In his book, Dyslexia Screening: Essential Concepts for Schools & Parents, Dr. Richard Selznick does an excellent job describing how he writes tick marks next to each task during an assessment like the CTOPP-2 to help him remember that the even though the student may have provided the correct answer it took them longer to process the question and answer. That type of information should either  be included in the report or shared at the IEP meeting, which you should be recording. This type of information lets us know if the student is in need or more time to process information and/or if the information is hard for her access even if she is eventually answering correctly. This type of additional processing can affect comprehension due to cognitive energy being spent on phonological awareness and/or decoding.

3.     “The standard scores that were reported are not really commensurate with what we observe at home and what his report cards are describing. So, I would like to share with you a recording I have of my son reading an assignment that was sent home this week (have this reading and cued up). I am also submitting a homework log that we have collected for the last week.

 

Homework Log      

Date

Assignment

Amount of Time to Complete

Notes

April 1

Study for Spelling Test – 20 words

60 Minutes

Spelled 16 words correctly on test – cannot spell the same words two weeks later
April 3

Write a paragraph about an animal of student’s choice

45 Minutes

Zoe was able to dictate a coherent and grammatically sophisticated paragraph but she wrote with limited vocabulary and was obviously frustrated. She could do this independently.
April 3 Complete a sheet for 25 math facts – addition/subtraction Completed in 10 minutes Zoe had no trouble with this task and completed it independently.

(Dyslexia Advocate!: How to Advocate for a Child with Dyslexia within the Public Education System, 2016)

4.     “My daughter, Anna, is having significant difficulty with spelling as evidenced by her spelling tests. I would like to take a moment to take a look at her spelling mistakes and see if we can identify what the spelling mistakes are telling us about she understands about English. Spelling is a life skill and part of written expression so in an effort to make sure she does not become only half-literate, I brought the following example from a recent spelling test:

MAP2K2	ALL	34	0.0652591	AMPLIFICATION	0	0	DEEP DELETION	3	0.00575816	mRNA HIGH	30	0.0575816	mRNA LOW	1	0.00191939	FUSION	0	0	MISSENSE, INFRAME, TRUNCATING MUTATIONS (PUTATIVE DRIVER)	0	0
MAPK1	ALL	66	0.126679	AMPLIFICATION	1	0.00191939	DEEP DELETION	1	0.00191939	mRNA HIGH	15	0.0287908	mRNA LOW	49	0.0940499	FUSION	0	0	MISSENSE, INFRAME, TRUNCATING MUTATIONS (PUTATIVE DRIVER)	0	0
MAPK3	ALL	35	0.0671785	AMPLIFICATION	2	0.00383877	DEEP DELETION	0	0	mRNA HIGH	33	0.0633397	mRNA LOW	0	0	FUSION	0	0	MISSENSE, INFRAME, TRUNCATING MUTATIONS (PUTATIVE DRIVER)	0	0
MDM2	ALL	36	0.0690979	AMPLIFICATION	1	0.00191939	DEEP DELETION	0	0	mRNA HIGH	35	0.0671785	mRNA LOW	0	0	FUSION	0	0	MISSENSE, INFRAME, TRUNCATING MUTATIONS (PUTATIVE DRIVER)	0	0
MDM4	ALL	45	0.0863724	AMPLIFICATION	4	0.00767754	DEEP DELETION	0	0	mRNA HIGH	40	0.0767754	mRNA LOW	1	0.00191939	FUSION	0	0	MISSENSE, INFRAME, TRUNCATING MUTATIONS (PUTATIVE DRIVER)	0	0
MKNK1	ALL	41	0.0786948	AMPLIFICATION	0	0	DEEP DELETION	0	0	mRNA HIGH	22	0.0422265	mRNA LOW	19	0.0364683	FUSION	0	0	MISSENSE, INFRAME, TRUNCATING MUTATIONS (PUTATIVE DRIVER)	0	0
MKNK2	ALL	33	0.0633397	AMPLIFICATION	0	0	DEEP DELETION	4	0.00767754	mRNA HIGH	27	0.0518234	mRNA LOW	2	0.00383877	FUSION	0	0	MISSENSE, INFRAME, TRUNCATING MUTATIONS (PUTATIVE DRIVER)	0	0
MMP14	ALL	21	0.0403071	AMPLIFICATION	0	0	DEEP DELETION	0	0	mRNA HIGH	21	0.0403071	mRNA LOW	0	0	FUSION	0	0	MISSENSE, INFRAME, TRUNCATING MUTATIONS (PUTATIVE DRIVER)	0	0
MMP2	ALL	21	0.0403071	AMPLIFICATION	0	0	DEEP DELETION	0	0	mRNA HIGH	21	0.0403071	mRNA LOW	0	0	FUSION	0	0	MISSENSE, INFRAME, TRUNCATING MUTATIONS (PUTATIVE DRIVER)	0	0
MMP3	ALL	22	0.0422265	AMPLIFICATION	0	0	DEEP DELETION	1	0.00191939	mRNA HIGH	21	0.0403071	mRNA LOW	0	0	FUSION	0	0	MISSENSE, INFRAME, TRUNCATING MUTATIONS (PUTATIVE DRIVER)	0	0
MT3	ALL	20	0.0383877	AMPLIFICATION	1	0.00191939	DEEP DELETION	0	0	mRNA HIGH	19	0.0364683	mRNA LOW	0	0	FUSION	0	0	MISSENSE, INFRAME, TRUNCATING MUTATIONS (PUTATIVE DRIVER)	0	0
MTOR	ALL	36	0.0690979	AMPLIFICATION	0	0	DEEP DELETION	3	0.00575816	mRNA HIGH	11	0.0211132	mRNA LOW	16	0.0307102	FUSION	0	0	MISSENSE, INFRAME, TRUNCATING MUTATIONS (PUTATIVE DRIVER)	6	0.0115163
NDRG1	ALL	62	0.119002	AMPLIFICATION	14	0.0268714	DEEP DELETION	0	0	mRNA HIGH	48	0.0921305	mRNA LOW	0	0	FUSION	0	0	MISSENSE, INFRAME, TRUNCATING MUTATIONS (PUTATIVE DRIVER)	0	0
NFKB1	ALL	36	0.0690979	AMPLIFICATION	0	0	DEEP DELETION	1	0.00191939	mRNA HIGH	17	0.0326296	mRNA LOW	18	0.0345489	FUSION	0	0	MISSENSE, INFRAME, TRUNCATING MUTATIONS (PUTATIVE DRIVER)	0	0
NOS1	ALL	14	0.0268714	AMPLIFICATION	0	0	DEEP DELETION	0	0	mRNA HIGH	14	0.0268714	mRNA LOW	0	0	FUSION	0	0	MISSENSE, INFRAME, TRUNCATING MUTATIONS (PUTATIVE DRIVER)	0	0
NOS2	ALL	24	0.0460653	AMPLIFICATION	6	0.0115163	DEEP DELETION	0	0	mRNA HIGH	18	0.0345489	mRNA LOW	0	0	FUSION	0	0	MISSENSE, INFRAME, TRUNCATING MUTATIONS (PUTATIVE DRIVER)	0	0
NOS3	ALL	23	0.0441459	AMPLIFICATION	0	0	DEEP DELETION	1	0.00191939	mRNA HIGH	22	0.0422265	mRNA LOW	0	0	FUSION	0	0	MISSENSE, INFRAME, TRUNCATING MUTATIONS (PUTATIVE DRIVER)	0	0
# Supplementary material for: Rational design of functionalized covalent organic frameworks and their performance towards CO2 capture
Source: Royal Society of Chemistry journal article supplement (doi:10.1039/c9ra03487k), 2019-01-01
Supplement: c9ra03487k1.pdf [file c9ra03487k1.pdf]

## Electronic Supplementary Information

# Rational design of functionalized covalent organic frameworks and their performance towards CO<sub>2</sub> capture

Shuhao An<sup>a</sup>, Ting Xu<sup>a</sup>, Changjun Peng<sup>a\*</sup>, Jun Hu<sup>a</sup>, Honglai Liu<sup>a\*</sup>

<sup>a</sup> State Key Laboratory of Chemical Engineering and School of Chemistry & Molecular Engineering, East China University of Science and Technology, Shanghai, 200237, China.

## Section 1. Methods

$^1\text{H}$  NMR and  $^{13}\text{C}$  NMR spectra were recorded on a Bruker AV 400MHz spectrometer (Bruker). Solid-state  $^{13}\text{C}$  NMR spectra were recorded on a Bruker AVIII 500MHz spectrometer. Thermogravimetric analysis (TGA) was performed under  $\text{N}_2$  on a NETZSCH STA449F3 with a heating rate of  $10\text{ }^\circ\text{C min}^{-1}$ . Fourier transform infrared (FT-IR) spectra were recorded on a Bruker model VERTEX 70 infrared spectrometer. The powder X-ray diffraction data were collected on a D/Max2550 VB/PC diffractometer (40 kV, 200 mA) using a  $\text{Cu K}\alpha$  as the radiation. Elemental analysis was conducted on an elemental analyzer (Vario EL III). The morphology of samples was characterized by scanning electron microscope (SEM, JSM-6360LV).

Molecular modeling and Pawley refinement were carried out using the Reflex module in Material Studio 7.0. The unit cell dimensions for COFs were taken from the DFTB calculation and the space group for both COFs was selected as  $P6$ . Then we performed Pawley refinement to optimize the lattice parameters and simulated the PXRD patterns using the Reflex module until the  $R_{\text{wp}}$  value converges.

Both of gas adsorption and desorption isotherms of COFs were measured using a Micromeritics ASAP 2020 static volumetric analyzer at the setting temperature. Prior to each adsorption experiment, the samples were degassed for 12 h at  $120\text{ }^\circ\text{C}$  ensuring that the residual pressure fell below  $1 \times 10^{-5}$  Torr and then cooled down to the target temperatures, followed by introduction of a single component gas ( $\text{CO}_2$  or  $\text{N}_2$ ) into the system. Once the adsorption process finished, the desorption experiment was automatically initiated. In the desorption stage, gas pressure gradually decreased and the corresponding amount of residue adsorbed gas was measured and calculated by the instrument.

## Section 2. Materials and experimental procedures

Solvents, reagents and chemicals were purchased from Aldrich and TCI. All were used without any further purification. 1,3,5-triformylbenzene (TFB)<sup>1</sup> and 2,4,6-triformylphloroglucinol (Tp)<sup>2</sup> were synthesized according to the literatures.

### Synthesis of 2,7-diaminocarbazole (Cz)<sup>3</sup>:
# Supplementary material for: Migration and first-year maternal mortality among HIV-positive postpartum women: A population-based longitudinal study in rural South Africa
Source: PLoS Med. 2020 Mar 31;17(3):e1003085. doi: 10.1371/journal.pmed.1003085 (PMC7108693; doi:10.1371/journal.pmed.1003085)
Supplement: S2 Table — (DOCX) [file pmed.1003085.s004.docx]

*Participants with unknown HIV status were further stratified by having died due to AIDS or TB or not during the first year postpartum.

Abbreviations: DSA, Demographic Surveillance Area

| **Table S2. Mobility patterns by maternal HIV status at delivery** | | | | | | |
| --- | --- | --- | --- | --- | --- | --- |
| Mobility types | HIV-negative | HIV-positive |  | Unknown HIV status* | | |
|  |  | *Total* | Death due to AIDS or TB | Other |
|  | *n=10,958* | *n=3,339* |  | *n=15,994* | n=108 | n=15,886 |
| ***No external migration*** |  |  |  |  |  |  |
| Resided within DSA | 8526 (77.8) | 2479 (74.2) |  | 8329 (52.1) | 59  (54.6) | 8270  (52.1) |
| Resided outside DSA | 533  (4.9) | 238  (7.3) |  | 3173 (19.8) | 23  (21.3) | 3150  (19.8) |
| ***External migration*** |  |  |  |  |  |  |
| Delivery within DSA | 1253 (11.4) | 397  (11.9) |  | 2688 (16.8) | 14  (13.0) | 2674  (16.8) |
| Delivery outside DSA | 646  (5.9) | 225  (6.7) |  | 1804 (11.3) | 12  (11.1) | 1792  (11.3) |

exspect for expect

shere for sure

enough for enuf

ununifi for unify

electrishity for electricity

The team should be able to identify the following weaknesses. In the word <exspect> Anna is actually doing a great job with phonological awareness by being able to hear all the phones involved in the pronunciation of <x> but she does not understand that the /ks/ is represented by <x>. Furthermore, when she is presented with complex spelling rules, such as the /sh/ phoneme of <s> in <sure> and the spelling principle of an English word not ending in a final <i> in <unify>. She also does not understand spelling principles that can include three graphemes representing the one phoneme. For example, in <enough>, Anna does not understand that <ugh> represents /f/ in <enough>.

The point is the cold hard scores do not tell the entire story and Sec. 300.306 of IDEA does state that:

(i) Draw upon information from a variety of sources, including aptitude and achievement tests, parent input, and teacher recommendations, as well as information about the child’s physical condition, social or cultural background, and adaptive behavior; and

(ii) Ensure that information obtained from all of these sources is documented and carefully considered.

So make sure you read through the assessment prior to the meeting and prepare the requests for qualitative information. If this information is not available, then request it. Qualitative data is descriptive information about an individual. Since IEPs are required to individualized, it seems perfectly natural to include this information during any decision making process.